In all three companies change was needed to shift to culture mindsets from traditional functional and cost control based on total quality supply chain mission based. This not only needed education but also restructuring to re-link processes and communication to unhook functional control and move this to service based orientation.
When I look back I see the transition similarity in Thailand with its deeply embedded culture of control from Silo heads. Right now in Thailand still too many production line teams just following orders without question regardless of upstream or downstream impact.
Overturning that will be very difficult to unleash processes to work naturally in a supply based control mechanism.
From predecessors, the lessons can be learned One is we know is change does not happen without some pain.
It will be especially hard on people enjoying rising living standards and middle managers who now naturally want to maintain the good-time short-time status quo.
The move to make the hard decisions is still needed at the grassroots level of Thai industry and in labour markets. Only then will this still developing nation be able to step up to be a mature economy to able to maintain its growth momentum.
Below the fold is a copy of The Nation Post I refer to
The Nation August 3, 2013 1:00 am
It is important that the chief executive is proactively thinking about how to engage his or her leaders psychologically and emotionally.
This is the only way to drive and sustain engagement in the entire organisation because engagement, the way it is seen and lived at the top, gets cascaded down the line.
Recently, research-based consulting agency Gallup studied 10 organisations across different industries in Thailand and found that engagement among top executives (the so-called C-suite), up to but not including CEOs, was significantly lower than the engagement of the overall organisation.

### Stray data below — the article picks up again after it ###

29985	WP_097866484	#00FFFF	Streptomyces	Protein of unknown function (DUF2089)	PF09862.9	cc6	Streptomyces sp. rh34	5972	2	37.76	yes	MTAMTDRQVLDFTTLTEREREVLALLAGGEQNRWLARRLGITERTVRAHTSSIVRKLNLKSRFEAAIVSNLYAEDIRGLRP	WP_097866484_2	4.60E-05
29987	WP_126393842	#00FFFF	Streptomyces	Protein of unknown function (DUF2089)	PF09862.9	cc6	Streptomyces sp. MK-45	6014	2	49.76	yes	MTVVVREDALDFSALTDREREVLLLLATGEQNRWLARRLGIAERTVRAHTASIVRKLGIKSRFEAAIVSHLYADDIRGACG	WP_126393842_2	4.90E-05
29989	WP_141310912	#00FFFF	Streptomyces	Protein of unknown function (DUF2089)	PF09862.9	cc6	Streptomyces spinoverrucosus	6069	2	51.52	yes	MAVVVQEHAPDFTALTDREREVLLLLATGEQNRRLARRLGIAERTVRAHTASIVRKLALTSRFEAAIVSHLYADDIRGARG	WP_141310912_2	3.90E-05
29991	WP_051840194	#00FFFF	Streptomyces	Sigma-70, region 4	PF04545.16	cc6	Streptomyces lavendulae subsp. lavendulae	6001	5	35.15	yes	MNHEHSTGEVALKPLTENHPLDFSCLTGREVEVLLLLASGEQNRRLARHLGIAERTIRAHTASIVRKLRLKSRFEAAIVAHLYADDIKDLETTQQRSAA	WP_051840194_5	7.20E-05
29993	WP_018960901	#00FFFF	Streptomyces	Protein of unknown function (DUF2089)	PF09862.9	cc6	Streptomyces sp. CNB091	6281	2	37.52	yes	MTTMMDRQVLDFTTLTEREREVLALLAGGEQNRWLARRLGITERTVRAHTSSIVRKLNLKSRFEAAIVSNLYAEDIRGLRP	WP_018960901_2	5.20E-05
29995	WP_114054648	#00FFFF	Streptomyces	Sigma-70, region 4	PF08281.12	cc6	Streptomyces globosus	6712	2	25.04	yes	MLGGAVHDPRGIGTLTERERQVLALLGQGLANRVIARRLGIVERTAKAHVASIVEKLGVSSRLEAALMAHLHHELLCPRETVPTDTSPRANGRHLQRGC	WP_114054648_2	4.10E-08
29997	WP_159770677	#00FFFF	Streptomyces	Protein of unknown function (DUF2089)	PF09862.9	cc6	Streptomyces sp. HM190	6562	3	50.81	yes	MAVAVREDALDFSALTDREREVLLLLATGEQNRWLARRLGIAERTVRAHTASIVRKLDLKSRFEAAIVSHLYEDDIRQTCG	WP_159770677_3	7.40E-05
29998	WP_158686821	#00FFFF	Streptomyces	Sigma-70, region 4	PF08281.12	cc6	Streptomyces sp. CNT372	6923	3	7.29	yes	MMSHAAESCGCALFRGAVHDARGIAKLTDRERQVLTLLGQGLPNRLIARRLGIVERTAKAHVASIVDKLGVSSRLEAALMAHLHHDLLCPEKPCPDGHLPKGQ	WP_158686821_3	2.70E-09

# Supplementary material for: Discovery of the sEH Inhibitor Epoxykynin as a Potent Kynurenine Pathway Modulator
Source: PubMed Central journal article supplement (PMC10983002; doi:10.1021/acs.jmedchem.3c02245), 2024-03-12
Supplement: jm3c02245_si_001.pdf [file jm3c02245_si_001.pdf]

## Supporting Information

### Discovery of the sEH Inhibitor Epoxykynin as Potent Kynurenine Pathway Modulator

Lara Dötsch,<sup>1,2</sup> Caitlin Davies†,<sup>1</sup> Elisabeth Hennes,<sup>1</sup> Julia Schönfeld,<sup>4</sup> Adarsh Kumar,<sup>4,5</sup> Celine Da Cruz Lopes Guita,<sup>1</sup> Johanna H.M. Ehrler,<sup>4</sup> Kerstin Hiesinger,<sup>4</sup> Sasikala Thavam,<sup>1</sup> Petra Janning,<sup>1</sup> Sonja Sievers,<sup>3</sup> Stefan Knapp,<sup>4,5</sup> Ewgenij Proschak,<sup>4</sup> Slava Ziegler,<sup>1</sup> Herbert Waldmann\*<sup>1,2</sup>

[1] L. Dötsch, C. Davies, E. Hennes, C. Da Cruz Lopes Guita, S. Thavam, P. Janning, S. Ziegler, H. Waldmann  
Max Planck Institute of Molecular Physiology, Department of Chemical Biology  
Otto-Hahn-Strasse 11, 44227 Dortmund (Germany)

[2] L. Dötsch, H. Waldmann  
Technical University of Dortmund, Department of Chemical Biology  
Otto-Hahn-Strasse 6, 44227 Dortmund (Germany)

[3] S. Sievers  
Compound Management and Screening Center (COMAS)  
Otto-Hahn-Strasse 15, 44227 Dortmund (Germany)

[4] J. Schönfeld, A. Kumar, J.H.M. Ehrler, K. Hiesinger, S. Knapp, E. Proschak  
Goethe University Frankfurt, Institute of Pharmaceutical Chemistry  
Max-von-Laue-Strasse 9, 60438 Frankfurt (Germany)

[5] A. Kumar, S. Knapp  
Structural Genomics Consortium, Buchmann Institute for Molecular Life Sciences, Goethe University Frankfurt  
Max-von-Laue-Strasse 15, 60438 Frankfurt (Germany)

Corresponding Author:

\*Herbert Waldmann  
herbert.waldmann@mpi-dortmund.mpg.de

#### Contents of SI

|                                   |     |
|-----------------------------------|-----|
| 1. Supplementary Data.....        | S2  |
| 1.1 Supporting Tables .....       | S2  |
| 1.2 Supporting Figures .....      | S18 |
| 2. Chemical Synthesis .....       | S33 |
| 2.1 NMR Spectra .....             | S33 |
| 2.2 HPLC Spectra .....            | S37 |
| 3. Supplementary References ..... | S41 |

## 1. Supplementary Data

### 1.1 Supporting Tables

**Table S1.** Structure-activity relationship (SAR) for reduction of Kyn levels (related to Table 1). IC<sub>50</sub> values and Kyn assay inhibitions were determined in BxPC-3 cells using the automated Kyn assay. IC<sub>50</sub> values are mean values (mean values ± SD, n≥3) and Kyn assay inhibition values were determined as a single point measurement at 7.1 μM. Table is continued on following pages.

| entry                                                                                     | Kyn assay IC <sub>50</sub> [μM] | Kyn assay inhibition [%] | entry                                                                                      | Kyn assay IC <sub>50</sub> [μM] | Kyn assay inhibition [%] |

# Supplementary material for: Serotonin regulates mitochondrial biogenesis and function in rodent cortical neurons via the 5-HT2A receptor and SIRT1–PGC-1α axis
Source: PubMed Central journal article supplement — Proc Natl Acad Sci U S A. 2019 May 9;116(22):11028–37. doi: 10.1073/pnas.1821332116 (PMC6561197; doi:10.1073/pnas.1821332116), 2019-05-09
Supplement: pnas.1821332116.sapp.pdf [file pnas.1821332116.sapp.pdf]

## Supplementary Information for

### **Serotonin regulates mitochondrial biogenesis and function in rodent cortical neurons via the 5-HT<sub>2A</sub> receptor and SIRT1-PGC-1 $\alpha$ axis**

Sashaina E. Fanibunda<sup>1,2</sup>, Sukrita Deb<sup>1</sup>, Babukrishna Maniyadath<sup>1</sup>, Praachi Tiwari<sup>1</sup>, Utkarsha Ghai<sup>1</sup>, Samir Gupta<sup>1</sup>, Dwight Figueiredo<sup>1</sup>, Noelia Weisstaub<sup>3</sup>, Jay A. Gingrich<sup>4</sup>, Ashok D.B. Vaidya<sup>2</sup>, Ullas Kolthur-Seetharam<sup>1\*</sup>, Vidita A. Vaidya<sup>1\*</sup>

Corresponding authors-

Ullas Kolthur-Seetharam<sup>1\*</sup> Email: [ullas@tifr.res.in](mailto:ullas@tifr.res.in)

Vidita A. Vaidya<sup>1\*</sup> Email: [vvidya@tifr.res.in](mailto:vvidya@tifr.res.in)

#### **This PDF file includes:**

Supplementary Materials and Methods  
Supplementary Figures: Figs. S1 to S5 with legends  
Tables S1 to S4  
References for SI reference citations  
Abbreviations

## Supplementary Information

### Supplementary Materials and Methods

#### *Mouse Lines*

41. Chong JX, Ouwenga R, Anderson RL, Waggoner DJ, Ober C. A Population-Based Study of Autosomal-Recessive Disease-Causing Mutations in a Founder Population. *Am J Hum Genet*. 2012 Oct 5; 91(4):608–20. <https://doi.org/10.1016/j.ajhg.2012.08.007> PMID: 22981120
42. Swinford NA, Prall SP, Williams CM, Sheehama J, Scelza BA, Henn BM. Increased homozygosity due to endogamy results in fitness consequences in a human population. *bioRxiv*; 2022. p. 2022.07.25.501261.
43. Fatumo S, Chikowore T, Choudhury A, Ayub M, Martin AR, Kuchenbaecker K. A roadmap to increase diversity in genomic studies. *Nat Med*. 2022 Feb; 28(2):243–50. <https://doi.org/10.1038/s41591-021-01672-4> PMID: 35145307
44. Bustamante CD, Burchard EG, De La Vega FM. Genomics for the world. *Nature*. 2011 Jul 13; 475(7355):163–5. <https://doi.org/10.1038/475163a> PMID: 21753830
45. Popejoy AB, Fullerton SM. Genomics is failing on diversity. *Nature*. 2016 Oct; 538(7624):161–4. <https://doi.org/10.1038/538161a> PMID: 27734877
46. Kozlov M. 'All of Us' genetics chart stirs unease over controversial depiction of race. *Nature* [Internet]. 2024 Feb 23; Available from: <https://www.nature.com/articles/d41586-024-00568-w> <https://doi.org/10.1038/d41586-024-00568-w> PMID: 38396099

When comparing executives’ engagement on their respective benchmarks (organisation with organisation database and executives with executive database), we see an even bigger gap.
There seem to be plenty of reasons for this: Only six out of 10 senior executives strongly agree that they are aware of what is expected of them at work, and the same proportion strongly agree that the mission or purpose of their company makes them feel that their job is important.
Those two issues are the foundation for engagement and performance in any organisation. Consider a head of sales or operations chief who is not 100 per cent sure about what is expected of him at work or does not connect strongly to the mission and purpose of the organisation and imagine how little clarity everybody down the line will have about their respective roles.
Then think how that finally translates into what they’re trying to achieve as an organisation.
Worse, the Gallup study found that only one-third of Thai leaders strongly agreed that their co-workers were committed to doing quality work and that they themselves were learning and growing along with their organisation.
That means there are a lot of senior executives with low role clarity and connection to the mission, stalled development, and doubts about each other’s quality of contribution.
So why do we see this trend? Gallup research suggests the following:
1 Many organisations in Thailand have been going through some form of change – in management, vision, mission performance goals, among others – in the last few years. Such changes require realignment, including structural changes, roles and responsibility changes, from the top down.
With these changing scenarios, organisations often end up having a few people in the leadership team who don’t fit the new direction easily.
2 Some of the organisations have highly controlling leaders who get very specific about how things should work. In these kinds of environments, there is limited communication/empowerment at the management level, which leads to engagement/motivational issues among leaders.
3 In many Thai companies, leaders rise through the ranks pretty quickly because of their role performance, but without enough developmental opportunities to support their growth as effective leaders – particularly, Gallup found, development programmes that enhance his/her self-awareness and offer ongoing coaching.